hi thank you very much, what you wrote about The Raven was useful, however i disagree with you about the rhyme scheme amongst the 18, there are 2 stanzas that could not be described as ABCBBB because stanzas 12 and 13 are different : ABABBB. and the first word But shows that there is a change.

  24. anonimous
    Posted April 9, 2008 at 4:56 pm

    First of all, many of you who are commenting this are completely misunderstanding the poem. To the person who said he wishes he was a woman: where the hell did you get that? He is sad that his lover is passed on, and while trying to forget about her, a Raven visits him. And no, the bird does not turn into a demon; it’s eyes resemble the evil of a demon’s eyes.

    Secondly, according to Poe himself (in his Philosophy of Composition) it is IMPERATIVE that you understand that the man KNEW the answers before the bird even said them. He was torturing himself intentionally (this is where emo comes in I guess). Notice that he says, “‘Doubtless,’ said I, ‘what it utters is its only stock and store.’” Directly following this it reveals that the bird’s master had disaster following him everywhere, until his dirges (sad hymns) were consumed with “Never-nevermore”. In short, the bird was taught the word nevermore because he had a very depressed owner.

    Some other notes: the narrator is a scholar (according to Poe), thus not being a “nutjob”; he is just insane in the loss of love. He uses many allusions (references to historical pieces of writing), such as nepenthe(ancient drug to induce loss of memory) and balm in Gilead(again, an ancient medicine). When he is saying “Quaff, oh quaff this kind nepenthe, and forget this lost Lenore!” he is wishing he could forget Lenore, but the bird tells him he won’t (nevermore). The next stanza has the narrator inquiring the Raven as to whether there is balm in Gilead (i.e. is there a remedy for his grief), to which the bird again replies no. Finally, the narrator demands him to leave when it tells him the Angels didn’t take his lover to Aidenn (Heaven or Paradise); however, the bird still sits on the bust of Pallas (Greek goddess of Wisdom), and the narrator’s soul is bound to the Raven forever.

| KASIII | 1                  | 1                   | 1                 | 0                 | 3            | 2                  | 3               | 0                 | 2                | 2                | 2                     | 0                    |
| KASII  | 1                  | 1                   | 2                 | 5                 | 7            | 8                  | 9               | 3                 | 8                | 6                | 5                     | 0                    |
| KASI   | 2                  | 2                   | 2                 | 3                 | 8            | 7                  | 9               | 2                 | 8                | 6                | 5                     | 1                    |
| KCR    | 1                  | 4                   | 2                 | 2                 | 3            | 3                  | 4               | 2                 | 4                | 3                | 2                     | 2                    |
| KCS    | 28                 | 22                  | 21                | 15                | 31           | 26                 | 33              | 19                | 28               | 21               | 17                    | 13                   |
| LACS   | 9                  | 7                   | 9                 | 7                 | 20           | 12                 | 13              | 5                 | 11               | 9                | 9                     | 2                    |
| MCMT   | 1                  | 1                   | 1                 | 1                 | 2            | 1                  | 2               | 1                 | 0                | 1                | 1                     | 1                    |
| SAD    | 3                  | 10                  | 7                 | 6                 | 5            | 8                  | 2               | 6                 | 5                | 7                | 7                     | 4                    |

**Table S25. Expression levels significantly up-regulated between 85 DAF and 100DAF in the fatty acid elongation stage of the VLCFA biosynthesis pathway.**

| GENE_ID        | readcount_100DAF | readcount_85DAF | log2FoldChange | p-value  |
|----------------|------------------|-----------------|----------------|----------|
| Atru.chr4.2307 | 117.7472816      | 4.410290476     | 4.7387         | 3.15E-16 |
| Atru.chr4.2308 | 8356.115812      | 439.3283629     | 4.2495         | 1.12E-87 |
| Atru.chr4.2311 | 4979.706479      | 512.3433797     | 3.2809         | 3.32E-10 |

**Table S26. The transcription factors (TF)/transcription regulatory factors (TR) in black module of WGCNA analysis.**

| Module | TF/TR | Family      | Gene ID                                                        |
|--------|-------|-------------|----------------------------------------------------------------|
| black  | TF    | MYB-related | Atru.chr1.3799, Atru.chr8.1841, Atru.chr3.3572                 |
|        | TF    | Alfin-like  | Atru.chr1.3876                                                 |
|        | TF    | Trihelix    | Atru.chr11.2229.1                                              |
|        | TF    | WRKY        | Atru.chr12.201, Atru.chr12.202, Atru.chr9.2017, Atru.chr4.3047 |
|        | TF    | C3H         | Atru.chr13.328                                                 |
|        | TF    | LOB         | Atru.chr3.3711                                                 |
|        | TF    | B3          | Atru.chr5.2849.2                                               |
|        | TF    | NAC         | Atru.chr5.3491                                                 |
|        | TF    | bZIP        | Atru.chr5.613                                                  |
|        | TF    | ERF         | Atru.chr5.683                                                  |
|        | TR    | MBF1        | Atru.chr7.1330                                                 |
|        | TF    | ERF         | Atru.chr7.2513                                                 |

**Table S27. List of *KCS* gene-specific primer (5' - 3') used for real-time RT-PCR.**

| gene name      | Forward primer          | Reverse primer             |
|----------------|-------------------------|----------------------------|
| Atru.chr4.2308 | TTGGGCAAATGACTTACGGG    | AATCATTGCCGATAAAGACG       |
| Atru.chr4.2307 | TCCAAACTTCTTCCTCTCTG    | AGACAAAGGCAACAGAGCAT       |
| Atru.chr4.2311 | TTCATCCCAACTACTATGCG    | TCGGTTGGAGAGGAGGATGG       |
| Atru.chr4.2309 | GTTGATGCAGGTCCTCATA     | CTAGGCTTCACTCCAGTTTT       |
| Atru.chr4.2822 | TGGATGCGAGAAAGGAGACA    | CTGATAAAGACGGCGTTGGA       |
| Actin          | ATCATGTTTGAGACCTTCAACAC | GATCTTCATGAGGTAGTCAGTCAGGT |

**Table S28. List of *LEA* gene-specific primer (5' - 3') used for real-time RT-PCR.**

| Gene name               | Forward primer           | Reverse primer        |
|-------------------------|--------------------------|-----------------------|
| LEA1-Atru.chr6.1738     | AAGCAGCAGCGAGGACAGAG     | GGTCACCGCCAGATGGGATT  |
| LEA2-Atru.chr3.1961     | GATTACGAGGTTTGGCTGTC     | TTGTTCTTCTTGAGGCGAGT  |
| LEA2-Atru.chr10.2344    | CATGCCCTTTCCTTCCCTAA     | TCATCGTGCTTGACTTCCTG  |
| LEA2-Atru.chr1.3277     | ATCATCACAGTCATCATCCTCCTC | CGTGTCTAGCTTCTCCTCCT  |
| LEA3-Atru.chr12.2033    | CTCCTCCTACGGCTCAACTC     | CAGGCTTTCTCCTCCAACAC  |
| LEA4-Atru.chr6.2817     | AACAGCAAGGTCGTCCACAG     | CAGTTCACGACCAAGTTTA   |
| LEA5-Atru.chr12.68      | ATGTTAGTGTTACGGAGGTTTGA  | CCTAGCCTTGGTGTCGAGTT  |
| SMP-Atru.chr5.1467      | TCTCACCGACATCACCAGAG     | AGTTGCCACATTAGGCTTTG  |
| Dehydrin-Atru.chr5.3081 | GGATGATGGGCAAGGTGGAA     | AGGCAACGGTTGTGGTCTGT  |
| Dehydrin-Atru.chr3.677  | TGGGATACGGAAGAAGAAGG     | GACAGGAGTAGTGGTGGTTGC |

I hope this helps those who have a paper to write.

  25. person
    Posted April 15, 2008 at 8:08 pm

    you should write more examples of poetic devises and you should write which line the poetic device was used!! and i still dont know the theme:) but it is a good and helpful site
    oh and the funniest thing is that a person in my english class thought that lenor was the speakers mom!!!

  26. Kelsey
    Posted April 27, 2008 at 3:00 pm

    Actually, ravens CAN talk. Like parrots… kinda.

  27. mook
    Posted July 7, 2008 at 9:21 am

    thank you soooooo much :) now i understand things a lot better and special thanks to anonimous as well. I now understand this poem better :D

    still, there’s one thing i still dont get…

    the persona wishes he was a woman??? seriously, where the hell did u get that??? seriously,WHERE?

  28. helpmeplease
    Posted September 15, 2008 at 11:58 am

    very good job. it helped

  29. hello
    Posted October 2, 2008 at 12:30 pm

    very good thanks

  30. Ptty
    Posted October 18, 2008 at 8:50 pm

    Thank you this description help me a lot to really understand The Raven.

  31. Twizi
    Posted October 19, 2008 at 5:52 pm

    wow this is real awesome had 2 do a report on this and this really helped thnx!!!!!

  32. ME
    Posted October 22, 2008 at 6:51 pm

    WHAT DOES EACH STANZA MEAN….?
    HELP I WANT IT LINE BY LINE!!!!!!!!!!!!!!!!!!!!!!!!!!!!!!!!!!!!!!!!!!!!!!!!
    !!!!!!!!!!!!!!!!!!!!

  33. shanay-nay
    Posted October 27, 2008 at 7:57 pm